Couturier Payal Jain tells about her new collection Âme, which explores the abstract reflection of the inner soul
Couturier Payal Jain describes her brand’s ethos as having ‘a western body with an Indian soul’, and in her new collection, titled Âme, she brings to life a concept that explores and experiments with the very concept of an eternal, everlasting soul. Excerpts from an interview:
Could you tell us a little about Âme, the conception and execution of this collection?
To begin with, I was inspired by Rumi. I had been reading a lot of Rumi and I wanted to bring his ideas to life. But I also didn’t want to limit myself to just Rumi. I believe that the soul is much larger, much more all encompassing. In this collection I wanted to explore the abstract reflection of the inner soul. The divinity and various faces of man. The soul speaks one language and becomes a melting pot of so many different emotions. It didn’t need to be limited to just one spin. So I’ve brought in a lot of ideas, very abstract, and very difficult to put into words. Even the concept note about the collection is abstract.
Could you explain the process behind translating a concept this intangible into a physical, tangible form of fabric, cuts and colours?
I think it has to happen naturally. It’s just a personal interpretation of an idea. No two people are going to have the same perspective on something. Of course, I kept the spring/summer colour palette in mind. The 14 to 15 season colours that I splashed on the whites and blacks spelled the different moods a human mind can experience. There were the blues for thoughtfulness, the orange that I felt stood for envy, the reds for love, and so many shades in between. These are the physical interpretations of the concept. There were also the silhouettes, above all the floaty, flowing capes that connected the points, brought it all together. Ultimately, the clinging silhouettes, the jerseys, everything had to blend in together. It couldn’t be jarring.
There’s a very clear marriage of Indian heritage and western perspective in your work. Would you say that this combination is necessary for the survival of Indian handicrafts and traditional art forms?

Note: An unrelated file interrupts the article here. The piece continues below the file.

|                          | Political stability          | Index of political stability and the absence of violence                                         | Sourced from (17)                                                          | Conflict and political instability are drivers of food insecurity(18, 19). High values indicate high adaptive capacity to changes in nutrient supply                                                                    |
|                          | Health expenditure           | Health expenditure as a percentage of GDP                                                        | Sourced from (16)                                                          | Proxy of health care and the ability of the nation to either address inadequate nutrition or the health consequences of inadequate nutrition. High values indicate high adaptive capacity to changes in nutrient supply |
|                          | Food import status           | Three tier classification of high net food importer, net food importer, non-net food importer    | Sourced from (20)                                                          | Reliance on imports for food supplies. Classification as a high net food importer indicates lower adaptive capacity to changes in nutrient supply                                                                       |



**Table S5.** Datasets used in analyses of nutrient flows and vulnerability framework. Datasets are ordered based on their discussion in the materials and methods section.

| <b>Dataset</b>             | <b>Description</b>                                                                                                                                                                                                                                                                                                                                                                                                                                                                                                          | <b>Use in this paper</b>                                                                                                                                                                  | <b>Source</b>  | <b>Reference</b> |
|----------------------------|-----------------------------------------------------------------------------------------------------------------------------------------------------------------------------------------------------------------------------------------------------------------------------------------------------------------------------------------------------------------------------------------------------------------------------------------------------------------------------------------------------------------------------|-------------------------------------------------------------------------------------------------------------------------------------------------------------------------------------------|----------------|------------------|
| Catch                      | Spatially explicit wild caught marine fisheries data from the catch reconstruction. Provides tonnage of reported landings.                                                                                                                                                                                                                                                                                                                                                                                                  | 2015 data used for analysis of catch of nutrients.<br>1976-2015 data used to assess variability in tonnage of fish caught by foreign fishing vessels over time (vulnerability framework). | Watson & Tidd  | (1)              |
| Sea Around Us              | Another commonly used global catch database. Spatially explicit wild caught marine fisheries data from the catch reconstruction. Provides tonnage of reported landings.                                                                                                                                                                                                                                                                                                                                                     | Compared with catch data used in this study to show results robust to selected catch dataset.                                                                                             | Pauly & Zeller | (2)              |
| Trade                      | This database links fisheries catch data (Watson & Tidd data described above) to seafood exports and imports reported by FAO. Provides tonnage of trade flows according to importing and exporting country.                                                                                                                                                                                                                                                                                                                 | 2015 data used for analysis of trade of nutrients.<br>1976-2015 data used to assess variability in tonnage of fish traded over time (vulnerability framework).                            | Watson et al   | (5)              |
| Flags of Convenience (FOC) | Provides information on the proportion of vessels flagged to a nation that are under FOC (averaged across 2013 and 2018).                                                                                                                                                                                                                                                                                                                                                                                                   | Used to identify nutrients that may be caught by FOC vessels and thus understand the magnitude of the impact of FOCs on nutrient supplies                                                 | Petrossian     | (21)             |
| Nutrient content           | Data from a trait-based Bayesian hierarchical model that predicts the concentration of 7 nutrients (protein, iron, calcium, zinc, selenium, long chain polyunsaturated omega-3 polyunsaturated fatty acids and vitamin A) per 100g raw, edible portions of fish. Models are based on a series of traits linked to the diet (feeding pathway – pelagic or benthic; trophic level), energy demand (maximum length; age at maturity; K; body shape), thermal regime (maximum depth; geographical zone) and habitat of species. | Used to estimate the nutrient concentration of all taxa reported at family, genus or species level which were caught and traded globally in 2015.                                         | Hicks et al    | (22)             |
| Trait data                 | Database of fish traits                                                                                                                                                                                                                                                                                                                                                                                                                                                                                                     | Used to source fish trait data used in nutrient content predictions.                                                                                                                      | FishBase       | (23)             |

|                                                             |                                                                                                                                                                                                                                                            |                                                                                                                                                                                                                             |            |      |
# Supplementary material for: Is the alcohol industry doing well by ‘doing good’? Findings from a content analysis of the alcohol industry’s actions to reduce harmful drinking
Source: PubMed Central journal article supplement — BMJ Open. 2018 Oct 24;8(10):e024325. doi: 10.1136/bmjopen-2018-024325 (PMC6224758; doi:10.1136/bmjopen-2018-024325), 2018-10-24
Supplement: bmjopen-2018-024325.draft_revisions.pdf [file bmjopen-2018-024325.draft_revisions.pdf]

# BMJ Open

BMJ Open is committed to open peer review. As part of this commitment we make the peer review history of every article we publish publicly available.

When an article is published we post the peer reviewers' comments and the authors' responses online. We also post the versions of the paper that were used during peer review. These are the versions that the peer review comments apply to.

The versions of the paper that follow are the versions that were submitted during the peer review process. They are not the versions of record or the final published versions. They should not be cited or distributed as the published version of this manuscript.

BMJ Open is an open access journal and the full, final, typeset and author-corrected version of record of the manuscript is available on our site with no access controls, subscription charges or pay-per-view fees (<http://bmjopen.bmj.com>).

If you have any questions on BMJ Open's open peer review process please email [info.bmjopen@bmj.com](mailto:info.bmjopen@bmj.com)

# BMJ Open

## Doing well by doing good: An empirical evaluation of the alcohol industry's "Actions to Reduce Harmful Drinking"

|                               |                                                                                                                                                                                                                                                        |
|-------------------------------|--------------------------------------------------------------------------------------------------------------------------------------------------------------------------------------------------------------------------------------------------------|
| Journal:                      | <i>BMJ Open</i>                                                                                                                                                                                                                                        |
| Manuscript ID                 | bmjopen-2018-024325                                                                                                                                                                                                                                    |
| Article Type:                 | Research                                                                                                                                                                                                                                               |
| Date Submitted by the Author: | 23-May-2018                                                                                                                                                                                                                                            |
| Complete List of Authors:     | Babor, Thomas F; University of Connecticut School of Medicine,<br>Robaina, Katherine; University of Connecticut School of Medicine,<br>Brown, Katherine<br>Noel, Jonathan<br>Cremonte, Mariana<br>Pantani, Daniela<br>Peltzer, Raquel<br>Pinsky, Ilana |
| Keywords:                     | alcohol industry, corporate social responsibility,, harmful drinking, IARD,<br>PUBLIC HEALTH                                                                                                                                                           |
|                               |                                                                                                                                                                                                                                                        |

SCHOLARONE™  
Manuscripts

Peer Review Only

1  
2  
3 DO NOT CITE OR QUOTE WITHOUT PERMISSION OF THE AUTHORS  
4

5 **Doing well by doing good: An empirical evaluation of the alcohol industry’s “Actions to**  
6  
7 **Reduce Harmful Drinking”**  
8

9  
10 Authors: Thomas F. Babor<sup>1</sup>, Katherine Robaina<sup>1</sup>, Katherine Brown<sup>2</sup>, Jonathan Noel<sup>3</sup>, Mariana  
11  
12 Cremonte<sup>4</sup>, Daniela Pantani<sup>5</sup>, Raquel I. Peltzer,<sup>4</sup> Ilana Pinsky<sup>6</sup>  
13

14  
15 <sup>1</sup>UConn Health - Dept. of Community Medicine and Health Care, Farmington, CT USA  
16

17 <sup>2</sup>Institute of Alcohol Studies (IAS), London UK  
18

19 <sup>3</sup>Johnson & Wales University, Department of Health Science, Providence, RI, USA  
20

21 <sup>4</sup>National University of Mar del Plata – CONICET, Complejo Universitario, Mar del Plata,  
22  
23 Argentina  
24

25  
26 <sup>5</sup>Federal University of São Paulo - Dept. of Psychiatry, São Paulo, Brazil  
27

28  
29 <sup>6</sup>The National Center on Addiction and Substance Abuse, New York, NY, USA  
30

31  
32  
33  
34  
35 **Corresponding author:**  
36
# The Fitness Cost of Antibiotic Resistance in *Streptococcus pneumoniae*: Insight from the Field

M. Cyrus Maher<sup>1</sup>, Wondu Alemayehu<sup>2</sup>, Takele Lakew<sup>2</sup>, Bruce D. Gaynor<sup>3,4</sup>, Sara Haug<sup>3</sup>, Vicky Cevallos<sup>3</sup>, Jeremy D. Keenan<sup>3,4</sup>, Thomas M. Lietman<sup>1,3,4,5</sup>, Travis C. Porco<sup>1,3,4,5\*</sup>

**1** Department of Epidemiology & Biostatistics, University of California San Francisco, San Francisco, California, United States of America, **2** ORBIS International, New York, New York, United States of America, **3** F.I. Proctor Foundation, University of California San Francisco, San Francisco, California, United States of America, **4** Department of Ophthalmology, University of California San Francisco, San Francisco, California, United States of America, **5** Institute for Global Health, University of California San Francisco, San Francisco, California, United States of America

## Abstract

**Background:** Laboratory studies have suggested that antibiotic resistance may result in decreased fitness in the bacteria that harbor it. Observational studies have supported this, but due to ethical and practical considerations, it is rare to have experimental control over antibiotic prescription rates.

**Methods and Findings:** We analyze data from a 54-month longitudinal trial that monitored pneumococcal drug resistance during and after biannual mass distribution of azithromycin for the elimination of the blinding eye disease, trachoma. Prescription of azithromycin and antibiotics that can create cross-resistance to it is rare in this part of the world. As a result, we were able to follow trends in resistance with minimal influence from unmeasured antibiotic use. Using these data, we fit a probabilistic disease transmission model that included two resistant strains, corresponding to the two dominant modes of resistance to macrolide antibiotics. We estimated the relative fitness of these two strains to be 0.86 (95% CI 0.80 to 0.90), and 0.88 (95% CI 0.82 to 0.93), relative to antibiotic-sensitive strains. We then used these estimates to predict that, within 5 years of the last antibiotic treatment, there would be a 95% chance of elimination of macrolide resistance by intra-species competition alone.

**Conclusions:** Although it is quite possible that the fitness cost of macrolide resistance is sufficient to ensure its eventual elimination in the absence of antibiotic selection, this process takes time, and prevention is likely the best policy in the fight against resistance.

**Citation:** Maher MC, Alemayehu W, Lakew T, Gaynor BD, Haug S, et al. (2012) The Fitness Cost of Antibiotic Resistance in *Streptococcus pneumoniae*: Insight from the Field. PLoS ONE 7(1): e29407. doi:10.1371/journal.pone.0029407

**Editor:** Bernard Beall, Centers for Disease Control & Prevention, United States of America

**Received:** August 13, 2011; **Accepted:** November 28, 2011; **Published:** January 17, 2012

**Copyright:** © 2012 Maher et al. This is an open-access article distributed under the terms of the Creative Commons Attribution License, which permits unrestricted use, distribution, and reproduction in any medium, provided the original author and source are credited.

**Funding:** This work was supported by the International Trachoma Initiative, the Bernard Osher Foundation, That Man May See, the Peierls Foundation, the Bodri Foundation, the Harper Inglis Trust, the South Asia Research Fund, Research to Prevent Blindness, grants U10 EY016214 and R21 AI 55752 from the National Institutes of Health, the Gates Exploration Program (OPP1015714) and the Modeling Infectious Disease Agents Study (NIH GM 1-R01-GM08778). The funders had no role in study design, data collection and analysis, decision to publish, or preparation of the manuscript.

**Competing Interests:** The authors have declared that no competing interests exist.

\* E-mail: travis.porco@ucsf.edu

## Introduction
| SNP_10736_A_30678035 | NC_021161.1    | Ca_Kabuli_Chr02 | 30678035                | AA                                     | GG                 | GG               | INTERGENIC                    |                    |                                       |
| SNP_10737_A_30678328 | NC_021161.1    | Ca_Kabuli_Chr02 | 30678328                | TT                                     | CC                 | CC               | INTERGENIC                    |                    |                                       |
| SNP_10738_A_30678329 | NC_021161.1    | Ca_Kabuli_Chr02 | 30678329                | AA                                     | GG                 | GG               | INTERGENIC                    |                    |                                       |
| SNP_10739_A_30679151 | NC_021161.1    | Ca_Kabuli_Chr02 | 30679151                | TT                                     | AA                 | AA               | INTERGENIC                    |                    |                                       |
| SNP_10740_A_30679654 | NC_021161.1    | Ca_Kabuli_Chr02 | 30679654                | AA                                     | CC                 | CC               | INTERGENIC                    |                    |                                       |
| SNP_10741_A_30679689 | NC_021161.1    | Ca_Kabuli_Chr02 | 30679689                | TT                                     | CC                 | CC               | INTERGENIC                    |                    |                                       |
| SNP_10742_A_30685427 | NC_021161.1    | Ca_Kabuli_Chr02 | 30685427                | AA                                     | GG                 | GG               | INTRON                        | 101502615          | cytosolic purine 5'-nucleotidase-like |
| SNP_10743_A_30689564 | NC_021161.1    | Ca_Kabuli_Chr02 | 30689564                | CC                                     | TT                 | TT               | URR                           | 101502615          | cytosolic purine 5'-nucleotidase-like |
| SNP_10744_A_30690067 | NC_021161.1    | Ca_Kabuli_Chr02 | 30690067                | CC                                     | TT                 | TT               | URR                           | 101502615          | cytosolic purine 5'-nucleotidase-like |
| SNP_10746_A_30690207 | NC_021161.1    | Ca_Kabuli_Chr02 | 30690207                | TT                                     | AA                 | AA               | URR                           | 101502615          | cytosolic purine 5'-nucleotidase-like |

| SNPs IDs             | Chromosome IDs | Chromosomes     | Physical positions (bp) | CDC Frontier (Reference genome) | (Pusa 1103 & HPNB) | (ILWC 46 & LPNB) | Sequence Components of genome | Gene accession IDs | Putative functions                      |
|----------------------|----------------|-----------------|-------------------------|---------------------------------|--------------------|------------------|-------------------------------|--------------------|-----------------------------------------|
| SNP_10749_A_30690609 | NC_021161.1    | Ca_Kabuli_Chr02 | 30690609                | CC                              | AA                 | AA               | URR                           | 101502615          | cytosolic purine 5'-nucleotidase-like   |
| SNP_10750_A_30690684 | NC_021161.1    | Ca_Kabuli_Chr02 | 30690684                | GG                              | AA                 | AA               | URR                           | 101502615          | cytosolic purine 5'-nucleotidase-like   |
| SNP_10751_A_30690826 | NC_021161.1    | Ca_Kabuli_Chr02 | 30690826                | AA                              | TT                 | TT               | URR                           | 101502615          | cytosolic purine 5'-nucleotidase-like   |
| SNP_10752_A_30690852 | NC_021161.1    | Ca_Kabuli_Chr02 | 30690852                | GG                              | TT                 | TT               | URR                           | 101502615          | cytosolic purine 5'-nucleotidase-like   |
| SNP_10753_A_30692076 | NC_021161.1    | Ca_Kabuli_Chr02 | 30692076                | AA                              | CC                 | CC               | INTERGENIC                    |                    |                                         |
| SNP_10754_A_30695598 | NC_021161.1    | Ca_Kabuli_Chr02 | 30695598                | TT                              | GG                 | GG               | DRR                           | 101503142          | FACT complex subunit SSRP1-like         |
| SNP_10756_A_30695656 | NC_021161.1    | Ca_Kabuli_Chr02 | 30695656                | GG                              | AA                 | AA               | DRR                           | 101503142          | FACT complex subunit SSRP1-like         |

I don’t think it’s necessary but sometimes it’s the only way for that craft to live longer. It’s very sad how so many artisans, weavers and craftspeople have just stopped doing what they did best. With no way to reinterpret their craft, they move to cities and become drivers and manual labourers. The craftsmen I used to work with for the last twenty years are disappearing, moving to jobs that are more commercially viable. Someone has to revive it. And while marrying the Indian and western perspective is my strength and I feel like I can do it well, it’s not always necessary to reinterpret traditional art forms like that. You can just as easily have a beautiful sari inspired by traditional handicrafts.
From working with abstract and intangible ideas to designing corporate uniforms; how different is it, to work within a specific structure and palette?
It’s very different! That doesn’t mean though that it’s not a challenge. You have to remember, while still being creative, that your clothes aren’t being put on six ft models. Real people of every size and shape and height will be wearing them. You also need to keep the designs easy to maintain and cost effective. It’s a very different hat to wear. The feel good factor is also very important. You can’t put someone in black and grey and blue and expect them to get on with it. It’s important that people who wear these uniforms feel good about themselves. I believe that first impressions really matter. You walk into a very good, very successful hotel where the staff is dressed smartly and it’ll instantly add to your impression of the place. Dressing well affects productivity, be it a hotel, an airline, or any other professional set up.
A few years ago, you launched a textbook on fashion studies, a very clear first step towards introducing fashion as a serious academic pursuit. Has there been any development there?
I was approached by the Principal of DPS. The school was introducing a two-year course on fashion studies and needed a textbook. It was very exciting. I did plan to do a second book for class twelve students but somehow that hasn’t happened yet. Also, unfortunately, I’m not very sure what happened but I think they found it difficult to find teachers for the course. The first year, a lot of students took the course up, but slowly, the numbers came down. I think this has a lot to do with the fact that people don’t realise how much hard work is required to be in fashion. A lot of students begin by thinking that it’s only pots of money and page 3 photographs. Both are misconceptions. Because of how it’s covered by media, fashion looks like just those few minutes on the ramp. It isn’t.